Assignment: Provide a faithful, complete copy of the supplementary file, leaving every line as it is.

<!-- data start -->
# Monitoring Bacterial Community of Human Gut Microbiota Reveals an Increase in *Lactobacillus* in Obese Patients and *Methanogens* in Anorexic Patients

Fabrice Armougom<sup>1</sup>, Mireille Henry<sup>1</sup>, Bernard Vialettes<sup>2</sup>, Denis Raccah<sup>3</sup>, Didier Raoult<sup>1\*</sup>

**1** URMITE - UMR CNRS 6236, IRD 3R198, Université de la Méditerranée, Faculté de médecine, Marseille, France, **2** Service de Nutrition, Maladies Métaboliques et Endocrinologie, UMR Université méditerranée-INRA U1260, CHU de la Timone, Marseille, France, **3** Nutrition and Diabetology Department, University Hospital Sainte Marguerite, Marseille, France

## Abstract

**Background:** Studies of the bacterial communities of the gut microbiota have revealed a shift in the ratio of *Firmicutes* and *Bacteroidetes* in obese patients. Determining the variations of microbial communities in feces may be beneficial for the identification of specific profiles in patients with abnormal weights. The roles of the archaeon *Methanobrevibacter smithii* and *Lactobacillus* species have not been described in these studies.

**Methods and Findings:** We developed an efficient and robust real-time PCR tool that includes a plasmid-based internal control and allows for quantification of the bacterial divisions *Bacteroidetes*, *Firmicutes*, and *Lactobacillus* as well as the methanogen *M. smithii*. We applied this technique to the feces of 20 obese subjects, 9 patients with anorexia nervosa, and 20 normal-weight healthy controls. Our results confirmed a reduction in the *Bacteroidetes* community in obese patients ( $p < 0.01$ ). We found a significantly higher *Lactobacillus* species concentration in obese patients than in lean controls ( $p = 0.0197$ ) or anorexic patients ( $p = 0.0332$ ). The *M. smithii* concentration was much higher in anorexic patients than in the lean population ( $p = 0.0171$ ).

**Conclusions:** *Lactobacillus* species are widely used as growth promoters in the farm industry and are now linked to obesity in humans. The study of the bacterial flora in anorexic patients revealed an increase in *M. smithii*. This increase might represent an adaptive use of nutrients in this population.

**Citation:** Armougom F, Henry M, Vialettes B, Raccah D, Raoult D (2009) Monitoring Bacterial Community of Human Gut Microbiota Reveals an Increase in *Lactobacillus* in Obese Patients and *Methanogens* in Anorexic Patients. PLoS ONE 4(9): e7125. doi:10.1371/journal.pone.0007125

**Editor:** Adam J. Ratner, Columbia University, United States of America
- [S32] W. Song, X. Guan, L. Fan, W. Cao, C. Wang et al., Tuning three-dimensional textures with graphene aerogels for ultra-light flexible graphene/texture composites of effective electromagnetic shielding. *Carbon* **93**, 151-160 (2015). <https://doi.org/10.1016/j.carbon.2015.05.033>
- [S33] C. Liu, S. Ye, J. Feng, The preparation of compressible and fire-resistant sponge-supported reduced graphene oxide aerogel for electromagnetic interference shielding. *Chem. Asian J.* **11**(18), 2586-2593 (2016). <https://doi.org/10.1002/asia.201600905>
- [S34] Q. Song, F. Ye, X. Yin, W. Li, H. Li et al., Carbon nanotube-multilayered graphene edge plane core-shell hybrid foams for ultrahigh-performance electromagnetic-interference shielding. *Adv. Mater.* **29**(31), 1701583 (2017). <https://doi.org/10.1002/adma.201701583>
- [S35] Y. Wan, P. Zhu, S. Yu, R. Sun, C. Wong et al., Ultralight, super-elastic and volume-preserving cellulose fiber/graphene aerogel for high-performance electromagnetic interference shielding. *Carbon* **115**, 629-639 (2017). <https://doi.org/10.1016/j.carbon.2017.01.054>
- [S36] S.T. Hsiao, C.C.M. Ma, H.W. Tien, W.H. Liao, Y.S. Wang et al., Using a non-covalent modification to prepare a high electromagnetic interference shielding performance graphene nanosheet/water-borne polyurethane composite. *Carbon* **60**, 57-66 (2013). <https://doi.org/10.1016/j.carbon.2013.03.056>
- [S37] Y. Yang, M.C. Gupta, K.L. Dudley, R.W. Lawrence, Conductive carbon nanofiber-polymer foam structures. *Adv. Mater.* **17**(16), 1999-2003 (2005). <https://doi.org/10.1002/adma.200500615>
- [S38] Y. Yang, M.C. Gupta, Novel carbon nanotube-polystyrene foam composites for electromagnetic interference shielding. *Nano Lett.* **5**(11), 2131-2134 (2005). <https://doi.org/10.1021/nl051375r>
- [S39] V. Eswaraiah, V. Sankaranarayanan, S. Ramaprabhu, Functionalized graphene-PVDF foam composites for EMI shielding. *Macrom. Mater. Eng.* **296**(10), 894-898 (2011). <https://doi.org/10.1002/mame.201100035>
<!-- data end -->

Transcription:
# Monitoring Bacterial Community of Human Gut Microbiota Reveals an Increase in *Lactobacillus* in Obese Patients and *Methanogens* in Anorexic Patients

Fabrice Armougom<sup>1</sup>, Mireille Henry<sup>1</sup>, Bernard Vialettes<sup>2</sup>, Denis Raccah<sup>3</sup>, Didier Raoult<sup>1\*</sup>

**1** URMITE - UMR CNRS 6236, IRD 3R198, Université de la Méditerranée, Faculté de médecine, Marseille, France, **2** Service de Nutrition, Maladies Métaboliques et Endocrinologie, UMR Université méditerranée-INRA U1260, CHU de la Timone, Marseille, France, **3** Nutrition and Diabetology Department, University Hospital Sainte Marguerite, Marseille, France

## Abstract

**Background:** Studies of the bacterial communities of the gut microbiota have revealed a shift in the ratio of *Firmicutes* and *Bacteroidetes* in obese patients. Determining the variations of microbial communities in feces may be beneficial for the identification of specific profiles in patients with abnormal weights. The roles of the archaeon *Methanobrevibacter smithii* and *Lactobacillus* species have not been described in these studies.

**Methods and Findings:** We developed an efficient and robust real-time PCR tool that includes a plasmid-based internal control and allows for quantification of the bacterial divisions *Bacteroidetes*, *Firmicutes*, and *Lactobacillus* as well as the methanogen *M. smithii*. We applied this technique to the feces of 20 obese subjects, 9 patients with anorexia nervosa, and 20 normal-weight healthy controls. Our results confirmed a reduction in the *Bacteroidetes* community in obese patients ( $p < 0.01$ ). We found a significantly higher *Lactobacillus* species concentration in obese patients than in lean controls ( $p = 0.0197$ ) or anorexic patients ( $p = 0.0332$ ). The *M. smithii* concentration was much higher in anorexic patients than in the lean population ( $p = 0.0171$ ).

**Conclusions:** *Lactobacillus* species are widely used as growth promoters in the farm industry and are now linked to obesity in humans. The study of the bacterial flora in anorexic patients revealed an increase in *M. smithii*. This increase might represent an adaptive use of nutrients in this population.

**Citation:** Armougom F, Henry M, Vialettes B, Raccah D, Raoult D (2009) Monitoring Bacterial Community of Human Gut Microbiota Reveals an Increase in *Lactobacillus* in Obese Patients and *Methanogens* in Anorexic Patients. PLoS ONE 4(9): e7125. doi:10.1371/journal.pone.0007125

**Editor:** Adam J. Ratner, Columbia University, United States of America
- [S32] W. Song, X. Guan, L. Fan, W. Cao, C. Wang et al., Tuning three-dimensional textures with graphene aerogels for ultra-light flexible graphene/texture composites of effective electromagnetic shielding. *Carbon* **93**, 151-160 (2015). <https://doi.org/10.1016/j.carbon.2015.05.033>
- [S33] C. Liu, S. Ye, J. Feng, The preparation of compressible and fire-resistant sponge-supported reduced graphene oxide aerogel for electromagnetic interference shielding. *Chem. Asian J.* **11**(18), 2586-2593 (2016). <https://doi.org/10.1002/asia.201600905>
- [S34] Q. Song, F. Ye, X. Yin, W. Li, H. Li et al., Carbon nanotube-multilayered graphene edge plane core-shell hybrid foams for ultrahigh-performance electromagnetic-interference shielding. *Adv. Mater.* **29**(31), 1701583 (2017). <https://doi.org/10.1002/adma.201701583>
- [S35] Y. Wan, P. Zhu, S. Yu, R. Sun, C. Wong et al., Ultralight, super-elastic and volume-preserving cellulose fiber/graphene aerogel for high-performance electromagnetic interference shielding. *Carbon* **115**, 629-639 (2017). <https://doi.org/10.1016/j.carbon.2017.01.054>
- [S36] S.T. Hsiao, C.C.M. Ma, H.W. Tien, W.H. Liao, Y.S. Wang et al., Using a non-covalent modification to prepare a high electromagnetic interference shielding performance graphene nanosheet/water-borne polyurethane composite. *Carbon* **60**, 57-66 (2013). <https://doi.org/10.1016/j.carbon.2013.03.056>
- [S37] Y. Yang, M.C. Gupta, K.L. Dudley, R.W. Lawrence, Conductive carbon nanofiber-polymer foam structures. *Adv. Mater.* **17**(16), 1999-2003 (2005). <https://doi.org/10.1002/adma.200500615>
- [S38] Y. Yang, M.C. Gupta, Novel carbon nanotube-polystyrene foam composites for electromagnetic interference shielding. *Nano Lett.* **5**(11), 2131-2134 (2005). <https://doi.org/10.1021/nl051375r>
- [S39] V. Eswaraiah, V. Sankaranarayanan, S. Ramaprabhu, Functionalized graphene-PVDF foam composites for EMI shielding. *Macrom. Mater. Eng.* **296**(10), 894-898 (2011). <https://doi.org/10.1002/mame.201100035>